“I have announced that we will be putting an extra one and a quarter billion pounds over the next five years into mental health services for children and young people…”said Clegg

It is also important also  to note that character education is  on the agenda which embraces the idea of promoting resilience in children, pushing positive thinking(the happiness agenda)  the use of meditation and reflection, while  promoting  well-being, all of which are thought to impact on children’s mental health and the   alleviation of  stress  .  The work of Professor Richard Layard   and that of Professor James  Arthur of the Jubilee Centre,  is instructive in this respect. Sir Anthony Seldon has done more  than any other Head to focus  policy makers on these issues, and back in  September 2006, launched  a course in happiness and well-being for  Wellington Colleges’ 4th and 5th Forms .

The Department for Education is now leading work to help schools ensure more pupils develop the character traits, attributes and behaviours, which, alongside academic achievement, underpin future success.

Ironically, of course, much pressure on children is thought to come from exams and, testing and the requirements of the accountability framework. A new education movement-Slow Education- has recently been spawned ,which sees the pace of everyday life and endless target’s and the  test driven , ‘factory schools’  system   as not conducive to good education and learning, and seeks to reduce pressure on children to allow them more time to understand what they are being tested on. It aims to establish a culture of deeper learning, so not just frenetic knowledge driven learning ,that  tests short term memory, rather than real in-depth  understanding.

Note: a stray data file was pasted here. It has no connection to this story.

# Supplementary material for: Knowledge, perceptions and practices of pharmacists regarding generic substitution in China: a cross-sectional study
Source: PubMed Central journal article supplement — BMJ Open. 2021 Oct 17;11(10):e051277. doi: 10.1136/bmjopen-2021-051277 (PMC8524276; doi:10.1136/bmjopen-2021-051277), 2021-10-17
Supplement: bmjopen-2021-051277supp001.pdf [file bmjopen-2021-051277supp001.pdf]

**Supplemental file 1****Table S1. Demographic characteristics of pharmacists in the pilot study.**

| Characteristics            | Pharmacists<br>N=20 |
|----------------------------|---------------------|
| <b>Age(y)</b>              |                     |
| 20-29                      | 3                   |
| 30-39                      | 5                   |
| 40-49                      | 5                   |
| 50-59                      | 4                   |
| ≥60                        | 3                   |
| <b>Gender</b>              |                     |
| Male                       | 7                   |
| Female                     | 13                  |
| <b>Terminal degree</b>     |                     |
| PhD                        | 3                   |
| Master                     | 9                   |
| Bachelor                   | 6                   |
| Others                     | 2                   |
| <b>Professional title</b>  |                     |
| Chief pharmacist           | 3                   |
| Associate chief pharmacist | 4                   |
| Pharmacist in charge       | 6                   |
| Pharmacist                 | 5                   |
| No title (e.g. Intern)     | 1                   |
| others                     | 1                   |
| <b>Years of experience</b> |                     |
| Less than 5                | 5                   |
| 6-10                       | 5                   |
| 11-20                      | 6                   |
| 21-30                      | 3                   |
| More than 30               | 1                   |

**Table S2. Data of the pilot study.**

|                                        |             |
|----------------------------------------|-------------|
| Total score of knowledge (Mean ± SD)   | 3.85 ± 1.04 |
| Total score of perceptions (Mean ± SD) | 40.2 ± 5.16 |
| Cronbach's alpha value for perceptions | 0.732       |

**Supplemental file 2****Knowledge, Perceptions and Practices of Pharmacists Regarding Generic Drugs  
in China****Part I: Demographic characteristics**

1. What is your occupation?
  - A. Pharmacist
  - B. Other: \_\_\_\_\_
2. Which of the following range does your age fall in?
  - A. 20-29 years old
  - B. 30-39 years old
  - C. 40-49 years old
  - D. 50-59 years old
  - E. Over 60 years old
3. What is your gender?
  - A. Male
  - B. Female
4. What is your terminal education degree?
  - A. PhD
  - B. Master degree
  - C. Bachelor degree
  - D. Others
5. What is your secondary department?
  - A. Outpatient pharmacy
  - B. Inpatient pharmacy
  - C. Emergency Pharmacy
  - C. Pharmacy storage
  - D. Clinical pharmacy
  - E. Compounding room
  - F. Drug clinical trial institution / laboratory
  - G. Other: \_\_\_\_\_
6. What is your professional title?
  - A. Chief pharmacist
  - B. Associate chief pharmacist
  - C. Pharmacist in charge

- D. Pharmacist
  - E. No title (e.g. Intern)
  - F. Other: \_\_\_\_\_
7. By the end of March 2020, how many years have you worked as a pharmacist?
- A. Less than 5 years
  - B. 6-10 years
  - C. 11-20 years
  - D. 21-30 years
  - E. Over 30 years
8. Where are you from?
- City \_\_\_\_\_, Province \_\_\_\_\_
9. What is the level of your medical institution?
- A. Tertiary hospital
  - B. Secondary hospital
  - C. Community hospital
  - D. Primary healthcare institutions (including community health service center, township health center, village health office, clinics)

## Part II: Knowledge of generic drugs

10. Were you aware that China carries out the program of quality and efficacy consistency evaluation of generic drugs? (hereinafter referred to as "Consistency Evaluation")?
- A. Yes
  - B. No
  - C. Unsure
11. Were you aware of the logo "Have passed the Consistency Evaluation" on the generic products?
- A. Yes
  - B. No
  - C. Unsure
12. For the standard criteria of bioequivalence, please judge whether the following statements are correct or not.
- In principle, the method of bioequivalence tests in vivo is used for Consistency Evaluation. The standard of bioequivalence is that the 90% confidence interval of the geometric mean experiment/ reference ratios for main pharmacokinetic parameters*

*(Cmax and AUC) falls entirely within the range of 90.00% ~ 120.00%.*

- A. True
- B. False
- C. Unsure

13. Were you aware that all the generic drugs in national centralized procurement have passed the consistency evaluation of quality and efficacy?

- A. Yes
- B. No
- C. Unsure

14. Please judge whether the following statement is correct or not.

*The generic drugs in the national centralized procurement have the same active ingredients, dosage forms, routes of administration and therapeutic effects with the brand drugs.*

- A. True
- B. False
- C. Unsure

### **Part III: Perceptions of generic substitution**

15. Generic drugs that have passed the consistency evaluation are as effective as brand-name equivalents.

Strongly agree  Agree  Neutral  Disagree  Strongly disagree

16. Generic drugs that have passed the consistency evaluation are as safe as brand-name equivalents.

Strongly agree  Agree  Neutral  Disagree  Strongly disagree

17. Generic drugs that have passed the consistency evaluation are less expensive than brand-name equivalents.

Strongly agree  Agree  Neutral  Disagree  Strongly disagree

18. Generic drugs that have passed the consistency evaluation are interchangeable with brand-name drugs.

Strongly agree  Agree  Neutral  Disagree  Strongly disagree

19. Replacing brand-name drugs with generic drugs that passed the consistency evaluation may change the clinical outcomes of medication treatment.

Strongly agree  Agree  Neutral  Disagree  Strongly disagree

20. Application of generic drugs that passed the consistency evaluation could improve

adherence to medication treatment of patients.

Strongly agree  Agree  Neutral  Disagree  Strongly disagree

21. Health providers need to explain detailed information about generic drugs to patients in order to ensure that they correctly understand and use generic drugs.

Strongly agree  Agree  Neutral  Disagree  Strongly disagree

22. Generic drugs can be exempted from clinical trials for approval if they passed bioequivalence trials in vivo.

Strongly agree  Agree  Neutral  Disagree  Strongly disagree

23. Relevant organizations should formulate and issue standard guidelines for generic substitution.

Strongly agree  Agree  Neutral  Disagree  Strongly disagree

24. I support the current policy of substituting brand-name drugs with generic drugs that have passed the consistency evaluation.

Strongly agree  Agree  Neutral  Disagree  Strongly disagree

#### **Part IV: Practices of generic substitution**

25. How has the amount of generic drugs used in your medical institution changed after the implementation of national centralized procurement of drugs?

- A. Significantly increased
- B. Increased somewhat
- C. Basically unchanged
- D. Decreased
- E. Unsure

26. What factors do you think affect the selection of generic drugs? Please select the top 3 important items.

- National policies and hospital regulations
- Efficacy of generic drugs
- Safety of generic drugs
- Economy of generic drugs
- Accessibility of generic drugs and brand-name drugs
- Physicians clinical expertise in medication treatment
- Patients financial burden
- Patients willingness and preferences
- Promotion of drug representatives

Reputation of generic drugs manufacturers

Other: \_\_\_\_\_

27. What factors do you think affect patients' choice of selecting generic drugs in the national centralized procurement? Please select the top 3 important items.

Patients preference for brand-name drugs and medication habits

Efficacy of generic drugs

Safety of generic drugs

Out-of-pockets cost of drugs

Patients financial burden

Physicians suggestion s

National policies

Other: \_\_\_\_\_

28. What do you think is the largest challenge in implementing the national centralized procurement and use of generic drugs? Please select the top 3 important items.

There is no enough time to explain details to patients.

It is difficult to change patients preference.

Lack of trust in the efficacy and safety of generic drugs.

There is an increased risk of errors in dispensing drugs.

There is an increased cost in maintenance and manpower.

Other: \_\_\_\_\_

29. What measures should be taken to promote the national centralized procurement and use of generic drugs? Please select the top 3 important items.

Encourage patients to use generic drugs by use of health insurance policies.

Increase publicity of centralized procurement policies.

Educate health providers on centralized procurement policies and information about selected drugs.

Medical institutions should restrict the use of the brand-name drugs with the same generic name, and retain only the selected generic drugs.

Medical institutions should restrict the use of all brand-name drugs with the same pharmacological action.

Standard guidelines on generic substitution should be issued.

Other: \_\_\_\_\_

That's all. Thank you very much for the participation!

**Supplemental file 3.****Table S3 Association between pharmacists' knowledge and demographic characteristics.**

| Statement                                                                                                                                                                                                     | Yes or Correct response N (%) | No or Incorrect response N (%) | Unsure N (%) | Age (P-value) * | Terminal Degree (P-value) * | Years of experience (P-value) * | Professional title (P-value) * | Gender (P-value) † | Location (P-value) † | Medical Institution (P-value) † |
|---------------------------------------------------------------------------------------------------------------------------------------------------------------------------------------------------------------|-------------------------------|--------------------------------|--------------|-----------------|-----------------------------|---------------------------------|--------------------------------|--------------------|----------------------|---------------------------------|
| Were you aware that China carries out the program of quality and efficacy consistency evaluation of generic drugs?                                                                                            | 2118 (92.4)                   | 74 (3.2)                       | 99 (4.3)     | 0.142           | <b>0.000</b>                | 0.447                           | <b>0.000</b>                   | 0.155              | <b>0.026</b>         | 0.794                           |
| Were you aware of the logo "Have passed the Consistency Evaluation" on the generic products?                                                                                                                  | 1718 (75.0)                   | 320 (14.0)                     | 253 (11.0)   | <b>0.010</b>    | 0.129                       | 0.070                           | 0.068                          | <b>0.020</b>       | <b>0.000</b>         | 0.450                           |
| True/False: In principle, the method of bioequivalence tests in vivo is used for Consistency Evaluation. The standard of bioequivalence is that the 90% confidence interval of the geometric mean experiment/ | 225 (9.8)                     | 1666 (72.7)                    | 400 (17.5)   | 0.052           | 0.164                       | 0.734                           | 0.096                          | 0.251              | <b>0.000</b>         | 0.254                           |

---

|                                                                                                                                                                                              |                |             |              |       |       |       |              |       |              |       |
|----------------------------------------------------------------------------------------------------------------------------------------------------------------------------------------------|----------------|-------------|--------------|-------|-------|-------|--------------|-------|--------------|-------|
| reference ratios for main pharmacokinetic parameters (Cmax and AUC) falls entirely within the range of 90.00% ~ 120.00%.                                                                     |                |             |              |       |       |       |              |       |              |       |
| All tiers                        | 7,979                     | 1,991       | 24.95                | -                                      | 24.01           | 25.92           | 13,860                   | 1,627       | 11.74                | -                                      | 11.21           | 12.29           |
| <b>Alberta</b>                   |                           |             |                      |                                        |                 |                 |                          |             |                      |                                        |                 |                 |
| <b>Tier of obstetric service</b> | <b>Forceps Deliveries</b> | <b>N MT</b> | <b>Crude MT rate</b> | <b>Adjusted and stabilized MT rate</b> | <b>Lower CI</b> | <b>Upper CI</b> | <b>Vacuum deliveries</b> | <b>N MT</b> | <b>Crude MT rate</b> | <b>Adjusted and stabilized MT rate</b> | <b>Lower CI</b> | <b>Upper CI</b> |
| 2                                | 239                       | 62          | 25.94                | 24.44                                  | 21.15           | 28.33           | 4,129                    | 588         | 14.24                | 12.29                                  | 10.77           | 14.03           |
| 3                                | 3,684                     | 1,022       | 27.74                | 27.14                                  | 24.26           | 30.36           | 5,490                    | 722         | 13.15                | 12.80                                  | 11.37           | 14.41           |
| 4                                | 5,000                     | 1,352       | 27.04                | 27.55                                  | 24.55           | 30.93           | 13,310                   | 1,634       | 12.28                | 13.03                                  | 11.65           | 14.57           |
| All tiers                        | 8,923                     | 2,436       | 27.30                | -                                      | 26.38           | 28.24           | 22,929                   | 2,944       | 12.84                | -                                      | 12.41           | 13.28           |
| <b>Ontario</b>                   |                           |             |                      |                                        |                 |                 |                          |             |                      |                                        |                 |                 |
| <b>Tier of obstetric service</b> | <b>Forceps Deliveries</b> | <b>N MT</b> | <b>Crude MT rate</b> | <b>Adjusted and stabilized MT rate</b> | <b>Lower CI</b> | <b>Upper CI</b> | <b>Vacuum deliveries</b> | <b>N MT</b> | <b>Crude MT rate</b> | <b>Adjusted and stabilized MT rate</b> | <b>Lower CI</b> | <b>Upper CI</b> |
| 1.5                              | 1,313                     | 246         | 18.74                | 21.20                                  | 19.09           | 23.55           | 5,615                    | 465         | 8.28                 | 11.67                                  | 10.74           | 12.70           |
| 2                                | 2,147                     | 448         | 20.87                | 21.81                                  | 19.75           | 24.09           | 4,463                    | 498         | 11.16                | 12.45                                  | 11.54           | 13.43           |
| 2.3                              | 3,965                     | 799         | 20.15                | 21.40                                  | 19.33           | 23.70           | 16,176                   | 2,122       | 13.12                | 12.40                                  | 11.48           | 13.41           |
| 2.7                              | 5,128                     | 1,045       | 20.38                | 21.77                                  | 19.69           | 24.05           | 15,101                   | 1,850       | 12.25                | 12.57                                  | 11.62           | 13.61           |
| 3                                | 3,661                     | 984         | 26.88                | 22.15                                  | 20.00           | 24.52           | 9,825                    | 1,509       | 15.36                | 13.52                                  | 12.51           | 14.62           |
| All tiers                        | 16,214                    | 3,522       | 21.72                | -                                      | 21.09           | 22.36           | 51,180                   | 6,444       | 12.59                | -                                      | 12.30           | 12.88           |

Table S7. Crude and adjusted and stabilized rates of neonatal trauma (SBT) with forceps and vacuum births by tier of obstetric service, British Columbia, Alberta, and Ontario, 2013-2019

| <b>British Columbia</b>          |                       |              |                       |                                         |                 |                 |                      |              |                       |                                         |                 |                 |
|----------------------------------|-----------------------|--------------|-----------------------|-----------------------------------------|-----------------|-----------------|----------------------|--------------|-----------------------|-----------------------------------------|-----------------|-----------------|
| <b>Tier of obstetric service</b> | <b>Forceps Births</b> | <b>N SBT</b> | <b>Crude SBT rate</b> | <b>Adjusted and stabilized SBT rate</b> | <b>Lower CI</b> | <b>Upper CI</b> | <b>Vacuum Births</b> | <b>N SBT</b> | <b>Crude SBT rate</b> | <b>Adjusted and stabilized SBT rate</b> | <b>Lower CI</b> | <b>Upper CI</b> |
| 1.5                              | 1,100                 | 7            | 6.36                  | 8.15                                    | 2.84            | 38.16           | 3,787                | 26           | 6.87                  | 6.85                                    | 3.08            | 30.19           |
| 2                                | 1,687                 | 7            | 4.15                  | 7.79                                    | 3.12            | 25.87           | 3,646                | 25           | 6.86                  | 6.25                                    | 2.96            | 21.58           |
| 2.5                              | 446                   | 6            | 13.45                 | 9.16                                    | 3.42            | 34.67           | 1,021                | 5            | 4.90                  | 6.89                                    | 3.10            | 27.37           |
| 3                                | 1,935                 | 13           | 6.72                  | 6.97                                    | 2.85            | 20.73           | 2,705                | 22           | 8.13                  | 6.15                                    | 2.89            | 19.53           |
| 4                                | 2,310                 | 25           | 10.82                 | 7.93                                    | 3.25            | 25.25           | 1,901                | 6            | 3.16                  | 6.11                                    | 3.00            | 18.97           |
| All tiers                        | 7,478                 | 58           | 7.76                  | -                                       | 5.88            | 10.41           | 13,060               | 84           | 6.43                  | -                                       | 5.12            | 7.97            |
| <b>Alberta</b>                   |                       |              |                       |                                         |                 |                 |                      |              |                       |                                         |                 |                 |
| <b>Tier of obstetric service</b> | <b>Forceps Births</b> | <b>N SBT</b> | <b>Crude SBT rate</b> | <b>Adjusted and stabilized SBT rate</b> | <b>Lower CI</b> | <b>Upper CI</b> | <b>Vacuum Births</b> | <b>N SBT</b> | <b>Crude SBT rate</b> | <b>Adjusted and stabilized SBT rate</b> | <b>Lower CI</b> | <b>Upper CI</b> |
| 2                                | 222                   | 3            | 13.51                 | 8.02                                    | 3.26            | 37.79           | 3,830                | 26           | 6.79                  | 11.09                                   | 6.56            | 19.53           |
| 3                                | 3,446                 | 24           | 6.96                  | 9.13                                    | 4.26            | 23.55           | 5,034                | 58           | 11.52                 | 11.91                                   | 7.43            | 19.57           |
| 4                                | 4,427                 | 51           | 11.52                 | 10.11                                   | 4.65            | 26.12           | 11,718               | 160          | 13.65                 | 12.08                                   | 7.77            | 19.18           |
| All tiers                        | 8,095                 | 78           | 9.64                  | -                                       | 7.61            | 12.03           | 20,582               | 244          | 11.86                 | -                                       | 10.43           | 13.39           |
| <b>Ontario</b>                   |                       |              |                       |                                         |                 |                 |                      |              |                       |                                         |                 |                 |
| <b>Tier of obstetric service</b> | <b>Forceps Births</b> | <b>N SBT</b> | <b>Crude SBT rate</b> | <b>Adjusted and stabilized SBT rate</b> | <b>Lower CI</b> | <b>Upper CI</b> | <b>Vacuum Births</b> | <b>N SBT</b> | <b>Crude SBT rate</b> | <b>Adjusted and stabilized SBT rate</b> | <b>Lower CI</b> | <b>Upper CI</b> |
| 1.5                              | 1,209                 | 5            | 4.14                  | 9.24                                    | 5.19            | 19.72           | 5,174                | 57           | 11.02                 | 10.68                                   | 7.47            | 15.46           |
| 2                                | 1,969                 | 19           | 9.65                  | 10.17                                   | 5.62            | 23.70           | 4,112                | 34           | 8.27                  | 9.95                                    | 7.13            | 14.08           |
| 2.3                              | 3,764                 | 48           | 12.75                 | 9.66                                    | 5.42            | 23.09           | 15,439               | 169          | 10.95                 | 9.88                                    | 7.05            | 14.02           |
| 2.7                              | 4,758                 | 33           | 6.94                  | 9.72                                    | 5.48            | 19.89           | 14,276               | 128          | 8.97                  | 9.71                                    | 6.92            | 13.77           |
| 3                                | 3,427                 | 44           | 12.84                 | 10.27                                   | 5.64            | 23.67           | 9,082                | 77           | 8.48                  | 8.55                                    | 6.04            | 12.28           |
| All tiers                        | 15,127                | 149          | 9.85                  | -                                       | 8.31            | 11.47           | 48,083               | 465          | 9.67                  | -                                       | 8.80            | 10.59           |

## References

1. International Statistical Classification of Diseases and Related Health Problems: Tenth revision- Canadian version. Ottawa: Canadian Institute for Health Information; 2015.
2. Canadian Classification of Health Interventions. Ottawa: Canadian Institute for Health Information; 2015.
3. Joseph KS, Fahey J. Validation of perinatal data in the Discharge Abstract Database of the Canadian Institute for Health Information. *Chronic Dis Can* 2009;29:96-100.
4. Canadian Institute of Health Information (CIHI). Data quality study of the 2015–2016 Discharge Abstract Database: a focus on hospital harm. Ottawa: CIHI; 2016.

Some experts say that exam stress, social media, bullying and the pressure to look slim and attractive are combining to make children’s lives unmanageable.

So that is the nature of the  problem. Addressing it strategically, in a joined up way, though, is a huge challenge. Any issue that straddles government departments and agencies and requires a multi-disciplinary approach   have big  barriers to overcome and  need clever management  .  And it is as much an issue of leadership and capacity as it is of resources. Schools, of course, already have much on their plates,   so giving  them   even more  to cope with has its own challenges, at a time when there are moves to reduce teachers workload.(and their stress)

But at least politicians have the issue on their agenda now, which is likely to continue  well into the next Parliament.

Report of the work of the Children and Young People’s Mental Health Taskforce.

Future in mind Promoting, protecting and improving our children and young people’s mental health and wellbeing-March 2015

 

Note 1

In addition, International Studies suggest that our children, in terms of happiness and well- being ,are not doing as well as they might be in comparative terms. A UNICEF report of 2014 on Well Being places the UK 16th out of 29 countries.  A Children Society  2012 survey found that  while most children are happy with their lives as a whole, around one in 11 (9%) are  not. This amounts to half a million children in the UK aged eight to 15 who have low well-being at any given time.

 

Note 2

The government is also committing £14 million over two years to invest in an Advanced Wellbeing Research Centre (AWRC) in Sheffield, which will be a world-leading research centre to design, develop and implement physical activity interventions and productsto improve wellbeing. The AWRC will form part of Sheffield’s Olympic Legacy Park and is due to open in 2016.(Budget Announcement 2015)

 

http://www.centreforum.org/index.php/mainpublications/640-mental-health-commission-final-report

 

https://times.formstack.com/forms/children_in_crisis_campaign

 

http://www.libdems.org.uk/nick-clegg-speech-to-spring-conference-2015

 

https://www.gov.uk/government/uploads/system/uploads/attachment_data/file/413393/Childrens_Mental_Health.pdf